“Preparing for a period of home quarantine means making a household plan of action as well as stocking supplies for the duration of the isolation period,” Dr. Lisa Ide, chief medical officer of the national virtual health platform Zipnosis, told Healthline.
“Make sure that you have a list of emergency contacts, a plan to communicate with family, friends, and co-workers, and know-how to get food delivered if possible,” she said.
“Organize a 2- to 4-week supply of food, cleaning materials such as sanitizing wipes and soap, and basic household staples such as toilet paper and facial tissue,” suggested Ide.
“When you are planning your food supplies, think of food that will store well and be nutritious such as rice, pasta, canned or dried beans, dried fruit, soups, and frozen vegetables as well as pet food,” she said.
Fresh fruit and vegetables are also important for health and healing.
“Fruit and vegetables provide loads of essential nutrients and there are ways to extend their shelf-life and make them more convenient,” notes the website Huel, which markets nutritionally complete food with a 12-month shelf life. “For example, soups and sauces can be made straight away and then frozen. You can make a concentrated stock which you can then freeze in ice cube trays and, voila, homemade, low-salt stock cubes.”
Other critical supplies to have on hand as you recover from COVID-19 include the following:
Water should be at the top of the list of supplies you’ll need in the event you contract COVID-19.
“COVID-19 is a viral infection and like most viral infections, treatment is all about comfort and keeping well enough while your body heals,” Dr. Roy Benaroch, a clinical assistant professor of pediatrics at Emory University and a pediatrician with a private practice in Roswell, Georgia, told Healthline.
“It’s crucial to stay hydrated, so plenty of fluids, especially if the fever is high,” Benaroch said.
Williams said that COVID-19 symptoms such as fever, coughing, diarrhea, and vomiting “can easily impact individuals’ fluid intake and contribute to dehydration, and rob the body of key nutrients if healthy foods and fluids are not consumed while recovering.”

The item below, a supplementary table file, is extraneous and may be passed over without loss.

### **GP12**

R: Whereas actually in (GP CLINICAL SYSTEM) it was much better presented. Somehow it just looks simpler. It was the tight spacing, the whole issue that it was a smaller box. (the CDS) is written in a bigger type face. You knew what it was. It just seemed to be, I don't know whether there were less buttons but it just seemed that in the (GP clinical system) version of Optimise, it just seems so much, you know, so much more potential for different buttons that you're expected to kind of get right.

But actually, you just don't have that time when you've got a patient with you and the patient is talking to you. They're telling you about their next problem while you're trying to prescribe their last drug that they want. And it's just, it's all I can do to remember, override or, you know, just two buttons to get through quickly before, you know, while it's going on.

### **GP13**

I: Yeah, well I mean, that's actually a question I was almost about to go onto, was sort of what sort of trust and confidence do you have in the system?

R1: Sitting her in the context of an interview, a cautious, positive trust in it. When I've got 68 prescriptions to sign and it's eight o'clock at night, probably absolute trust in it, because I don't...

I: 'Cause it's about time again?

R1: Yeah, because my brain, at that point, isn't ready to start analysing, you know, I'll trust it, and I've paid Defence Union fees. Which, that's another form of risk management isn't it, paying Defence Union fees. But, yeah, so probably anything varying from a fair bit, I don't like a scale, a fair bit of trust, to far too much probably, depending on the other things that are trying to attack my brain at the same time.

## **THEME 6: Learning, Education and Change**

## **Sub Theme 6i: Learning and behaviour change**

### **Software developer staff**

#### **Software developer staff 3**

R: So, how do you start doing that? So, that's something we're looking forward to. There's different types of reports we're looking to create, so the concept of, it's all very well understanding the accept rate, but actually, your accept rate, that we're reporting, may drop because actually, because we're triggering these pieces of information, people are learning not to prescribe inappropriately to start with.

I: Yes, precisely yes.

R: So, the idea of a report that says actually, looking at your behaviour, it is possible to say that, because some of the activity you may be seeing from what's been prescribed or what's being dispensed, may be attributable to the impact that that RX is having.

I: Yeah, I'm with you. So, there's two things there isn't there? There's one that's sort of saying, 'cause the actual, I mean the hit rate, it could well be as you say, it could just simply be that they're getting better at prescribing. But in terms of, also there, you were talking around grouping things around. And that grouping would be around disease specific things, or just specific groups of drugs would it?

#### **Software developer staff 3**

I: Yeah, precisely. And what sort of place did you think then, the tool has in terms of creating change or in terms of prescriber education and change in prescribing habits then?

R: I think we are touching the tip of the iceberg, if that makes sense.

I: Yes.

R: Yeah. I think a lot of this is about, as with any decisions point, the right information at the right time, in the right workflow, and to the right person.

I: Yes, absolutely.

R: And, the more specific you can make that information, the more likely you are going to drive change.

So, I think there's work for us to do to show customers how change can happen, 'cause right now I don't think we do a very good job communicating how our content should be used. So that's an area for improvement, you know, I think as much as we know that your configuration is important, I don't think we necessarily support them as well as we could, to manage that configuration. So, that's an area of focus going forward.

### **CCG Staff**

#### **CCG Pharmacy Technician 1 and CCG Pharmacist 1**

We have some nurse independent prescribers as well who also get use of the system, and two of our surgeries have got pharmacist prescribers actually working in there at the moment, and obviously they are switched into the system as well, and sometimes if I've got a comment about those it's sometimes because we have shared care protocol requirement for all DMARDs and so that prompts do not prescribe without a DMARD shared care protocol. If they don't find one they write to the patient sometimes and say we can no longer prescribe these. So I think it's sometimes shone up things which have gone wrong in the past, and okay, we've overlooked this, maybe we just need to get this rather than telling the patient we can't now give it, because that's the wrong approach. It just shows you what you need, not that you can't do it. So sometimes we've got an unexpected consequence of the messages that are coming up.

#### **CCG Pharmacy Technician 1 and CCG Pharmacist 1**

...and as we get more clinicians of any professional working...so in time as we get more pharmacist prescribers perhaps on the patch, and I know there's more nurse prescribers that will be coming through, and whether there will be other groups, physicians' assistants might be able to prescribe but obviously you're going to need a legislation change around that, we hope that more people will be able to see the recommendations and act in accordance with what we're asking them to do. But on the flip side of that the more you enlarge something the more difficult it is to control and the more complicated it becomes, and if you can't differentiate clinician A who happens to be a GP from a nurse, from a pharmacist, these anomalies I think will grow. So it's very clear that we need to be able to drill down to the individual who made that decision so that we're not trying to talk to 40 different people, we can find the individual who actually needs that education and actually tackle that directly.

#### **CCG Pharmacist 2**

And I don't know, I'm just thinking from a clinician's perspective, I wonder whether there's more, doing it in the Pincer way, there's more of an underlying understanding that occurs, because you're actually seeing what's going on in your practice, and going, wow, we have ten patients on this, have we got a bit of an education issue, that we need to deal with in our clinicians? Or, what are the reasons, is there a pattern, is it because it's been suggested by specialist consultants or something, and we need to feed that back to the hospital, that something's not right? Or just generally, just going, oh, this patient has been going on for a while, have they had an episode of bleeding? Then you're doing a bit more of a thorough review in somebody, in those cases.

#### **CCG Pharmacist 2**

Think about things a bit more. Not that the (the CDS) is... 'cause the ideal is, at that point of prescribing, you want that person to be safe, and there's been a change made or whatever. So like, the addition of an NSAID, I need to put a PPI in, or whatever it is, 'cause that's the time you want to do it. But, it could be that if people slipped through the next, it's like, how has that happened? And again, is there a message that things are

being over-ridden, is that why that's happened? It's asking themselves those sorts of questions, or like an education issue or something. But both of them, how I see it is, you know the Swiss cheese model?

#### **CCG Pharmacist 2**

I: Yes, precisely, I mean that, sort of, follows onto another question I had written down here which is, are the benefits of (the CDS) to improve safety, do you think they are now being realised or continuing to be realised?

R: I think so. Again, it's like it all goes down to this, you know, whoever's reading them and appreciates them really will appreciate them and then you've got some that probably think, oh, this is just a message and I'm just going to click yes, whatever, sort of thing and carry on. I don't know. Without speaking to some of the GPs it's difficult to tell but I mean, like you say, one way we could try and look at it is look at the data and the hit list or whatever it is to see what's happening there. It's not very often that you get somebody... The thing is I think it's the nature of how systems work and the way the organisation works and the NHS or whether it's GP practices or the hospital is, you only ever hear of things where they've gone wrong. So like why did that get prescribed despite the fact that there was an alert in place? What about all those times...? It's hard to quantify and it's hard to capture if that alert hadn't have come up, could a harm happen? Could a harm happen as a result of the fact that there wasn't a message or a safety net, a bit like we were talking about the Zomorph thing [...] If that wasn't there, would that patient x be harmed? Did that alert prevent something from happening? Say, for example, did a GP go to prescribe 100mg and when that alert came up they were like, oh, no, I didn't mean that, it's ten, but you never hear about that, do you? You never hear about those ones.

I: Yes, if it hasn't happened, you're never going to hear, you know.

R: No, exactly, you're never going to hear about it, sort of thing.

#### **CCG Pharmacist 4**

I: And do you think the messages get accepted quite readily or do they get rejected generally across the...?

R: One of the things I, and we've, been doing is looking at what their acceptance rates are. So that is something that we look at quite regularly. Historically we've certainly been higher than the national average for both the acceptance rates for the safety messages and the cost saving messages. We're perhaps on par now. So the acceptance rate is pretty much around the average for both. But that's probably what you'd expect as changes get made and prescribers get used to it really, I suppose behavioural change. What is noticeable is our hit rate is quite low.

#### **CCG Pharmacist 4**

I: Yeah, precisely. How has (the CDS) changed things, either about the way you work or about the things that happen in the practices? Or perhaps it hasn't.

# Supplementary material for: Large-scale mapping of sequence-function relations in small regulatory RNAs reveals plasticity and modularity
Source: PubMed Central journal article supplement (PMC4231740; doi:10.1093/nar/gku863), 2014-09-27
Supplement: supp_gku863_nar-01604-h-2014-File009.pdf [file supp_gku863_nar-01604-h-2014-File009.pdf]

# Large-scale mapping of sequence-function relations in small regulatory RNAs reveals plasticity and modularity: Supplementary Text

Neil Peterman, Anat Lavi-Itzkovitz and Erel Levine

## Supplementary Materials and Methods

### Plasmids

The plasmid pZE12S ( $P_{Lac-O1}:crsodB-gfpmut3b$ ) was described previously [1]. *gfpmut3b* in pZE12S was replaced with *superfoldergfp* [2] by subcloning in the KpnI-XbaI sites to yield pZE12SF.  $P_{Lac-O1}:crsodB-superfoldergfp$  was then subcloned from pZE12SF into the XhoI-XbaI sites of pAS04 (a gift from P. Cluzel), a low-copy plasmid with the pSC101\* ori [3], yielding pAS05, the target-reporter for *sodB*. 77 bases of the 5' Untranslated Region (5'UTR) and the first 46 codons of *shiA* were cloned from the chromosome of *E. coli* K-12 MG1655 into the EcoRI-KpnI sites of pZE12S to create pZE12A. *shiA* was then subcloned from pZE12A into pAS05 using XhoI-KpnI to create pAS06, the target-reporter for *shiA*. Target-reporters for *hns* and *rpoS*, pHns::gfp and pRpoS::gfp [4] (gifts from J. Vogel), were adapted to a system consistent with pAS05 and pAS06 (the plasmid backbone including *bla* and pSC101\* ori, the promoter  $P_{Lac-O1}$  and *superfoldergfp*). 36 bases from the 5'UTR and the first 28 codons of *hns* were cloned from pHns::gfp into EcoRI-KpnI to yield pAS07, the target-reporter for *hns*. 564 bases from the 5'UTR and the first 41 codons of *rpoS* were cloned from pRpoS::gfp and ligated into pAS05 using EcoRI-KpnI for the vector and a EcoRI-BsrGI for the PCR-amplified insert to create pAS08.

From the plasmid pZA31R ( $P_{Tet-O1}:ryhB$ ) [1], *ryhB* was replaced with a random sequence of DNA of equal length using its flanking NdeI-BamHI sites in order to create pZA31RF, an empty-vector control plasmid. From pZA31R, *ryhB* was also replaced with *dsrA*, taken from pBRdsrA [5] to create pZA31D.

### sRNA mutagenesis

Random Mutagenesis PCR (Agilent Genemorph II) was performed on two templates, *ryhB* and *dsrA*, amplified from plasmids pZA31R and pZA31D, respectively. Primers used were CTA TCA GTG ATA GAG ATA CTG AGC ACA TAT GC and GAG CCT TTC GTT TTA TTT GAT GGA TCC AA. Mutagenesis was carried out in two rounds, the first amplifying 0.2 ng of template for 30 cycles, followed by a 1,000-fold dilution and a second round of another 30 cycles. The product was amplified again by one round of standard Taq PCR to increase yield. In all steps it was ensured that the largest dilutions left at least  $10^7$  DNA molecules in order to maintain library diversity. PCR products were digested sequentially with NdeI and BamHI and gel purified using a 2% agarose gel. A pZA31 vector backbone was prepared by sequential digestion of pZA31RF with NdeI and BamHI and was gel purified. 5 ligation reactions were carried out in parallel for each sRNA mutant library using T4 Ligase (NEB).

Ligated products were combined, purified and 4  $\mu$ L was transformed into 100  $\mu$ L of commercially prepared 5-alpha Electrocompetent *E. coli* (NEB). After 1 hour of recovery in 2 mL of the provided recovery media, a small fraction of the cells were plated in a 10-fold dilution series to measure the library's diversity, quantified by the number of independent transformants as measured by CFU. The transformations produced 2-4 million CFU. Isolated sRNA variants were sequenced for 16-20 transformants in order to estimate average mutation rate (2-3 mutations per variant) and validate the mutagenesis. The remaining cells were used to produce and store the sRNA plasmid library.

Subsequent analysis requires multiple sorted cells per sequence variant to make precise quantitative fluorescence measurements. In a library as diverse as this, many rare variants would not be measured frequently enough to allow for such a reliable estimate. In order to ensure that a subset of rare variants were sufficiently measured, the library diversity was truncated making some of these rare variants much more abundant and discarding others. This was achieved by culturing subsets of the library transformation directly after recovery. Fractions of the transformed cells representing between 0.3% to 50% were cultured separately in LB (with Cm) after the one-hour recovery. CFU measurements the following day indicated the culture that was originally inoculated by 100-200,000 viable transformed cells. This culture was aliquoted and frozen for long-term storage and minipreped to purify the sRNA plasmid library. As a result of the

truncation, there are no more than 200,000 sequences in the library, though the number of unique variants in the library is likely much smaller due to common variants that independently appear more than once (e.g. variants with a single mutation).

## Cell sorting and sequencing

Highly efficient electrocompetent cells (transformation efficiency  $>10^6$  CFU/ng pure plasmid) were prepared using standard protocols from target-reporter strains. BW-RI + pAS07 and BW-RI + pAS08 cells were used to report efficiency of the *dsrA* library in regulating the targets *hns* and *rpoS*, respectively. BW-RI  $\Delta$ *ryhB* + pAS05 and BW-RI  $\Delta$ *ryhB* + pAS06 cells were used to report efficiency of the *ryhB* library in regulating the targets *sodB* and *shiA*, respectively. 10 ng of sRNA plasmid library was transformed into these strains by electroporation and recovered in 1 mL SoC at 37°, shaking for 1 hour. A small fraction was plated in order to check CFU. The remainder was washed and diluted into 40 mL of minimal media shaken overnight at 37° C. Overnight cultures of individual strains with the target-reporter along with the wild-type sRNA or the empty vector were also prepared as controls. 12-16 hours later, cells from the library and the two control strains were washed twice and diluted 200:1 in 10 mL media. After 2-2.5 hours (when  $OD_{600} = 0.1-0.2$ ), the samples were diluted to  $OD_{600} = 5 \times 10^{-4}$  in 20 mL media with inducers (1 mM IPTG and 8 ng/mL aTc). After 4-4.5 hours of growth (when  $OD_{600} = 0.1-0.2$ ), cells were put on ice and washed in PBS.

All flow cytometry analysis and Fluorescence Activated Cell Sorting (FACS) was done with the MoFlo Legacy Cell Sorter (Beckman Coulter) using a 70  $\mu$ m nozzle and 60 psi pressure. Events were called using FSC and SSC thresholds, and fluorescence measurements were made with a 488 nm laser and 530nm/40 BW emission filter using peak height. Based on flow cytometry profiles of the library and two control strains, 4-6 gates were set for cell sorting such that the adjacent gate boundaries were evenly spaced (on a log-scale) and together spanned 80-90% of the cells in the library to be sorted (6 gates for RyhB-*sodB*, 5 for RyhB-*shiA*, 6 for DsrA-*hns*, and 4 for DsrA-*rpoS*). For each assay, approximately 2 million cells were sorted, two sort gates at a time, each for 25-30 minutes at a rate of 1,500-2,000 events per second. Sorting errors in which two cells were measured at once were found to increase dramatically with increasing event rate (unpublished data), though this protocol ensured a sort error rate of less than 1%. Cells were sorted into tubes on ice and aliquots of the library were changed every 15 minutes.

“Healthy hydration levels can help your nose by maintaining that the mucous membrane is intact,” she added. “This could help decrease nasal irritation when coughing, sneezing, and even just breathing. Moisture also helps heal broken membranes so additional bacteria don’t get into the body.”
In most instances, tap or bottled water is fine. If you’re relying on bottled water, experts recommend keeping at least a 15-day supply on hand.
“If you cannot drink your tap water at home safely or if you have a sink that is shared communally by any other people in your home, it’s best to have bottled water that you could keep by your bedside and drink when needed,” Dr. Shirin Peters, medical director of the Bethany Medical Clinic in New York, told Healthline.
The National Academies of Sciences, Engineering, and Medicine defines adequate daily fluid intake as 15.5 cups (3.7 liters) of fluids for men and 11.5 cups (2.7 liters) of fluids a day for women, although sick people likely should drink more. (About 20 percent of this fluid intake comes from foods).
In the minority of cases where COVID-19 symptoms include acute gastroenteritis, solutions such as Pedialyte can help prevent dehydration. Sports drinks like Gatorade are another option.
“The most useful medicine is something to decrease headaches, body aches, and fever, like acetaminophen (Tylenol),” said Benaroch.
“Many people also use ibuprofen (Advil or Motrin), but there has been some concern especially from Europe that ibuprofen is less safe, though there’s no direct evidence that this is true. Still, if you want to be extra careful, use acetaminophen instead,” he said.
Dr. Larry Burchett, a California emergency physician, recommends 650 milligrams (mg) of acetaminophen every 4 to 6 hours as a safe dosage for most adults.
“Some of the methods of treatment in the case of a high or low fever that is causing discomfort include cooling blankets, ice packs, and over-the-counter medications [taken according to package directions],” Dr. Joshua Mansour, a clinical oncologist with the Southern California Permanente Medical Group, told Healthline.
“Rest and recovery, as well as staying cool, are very important,” he added.
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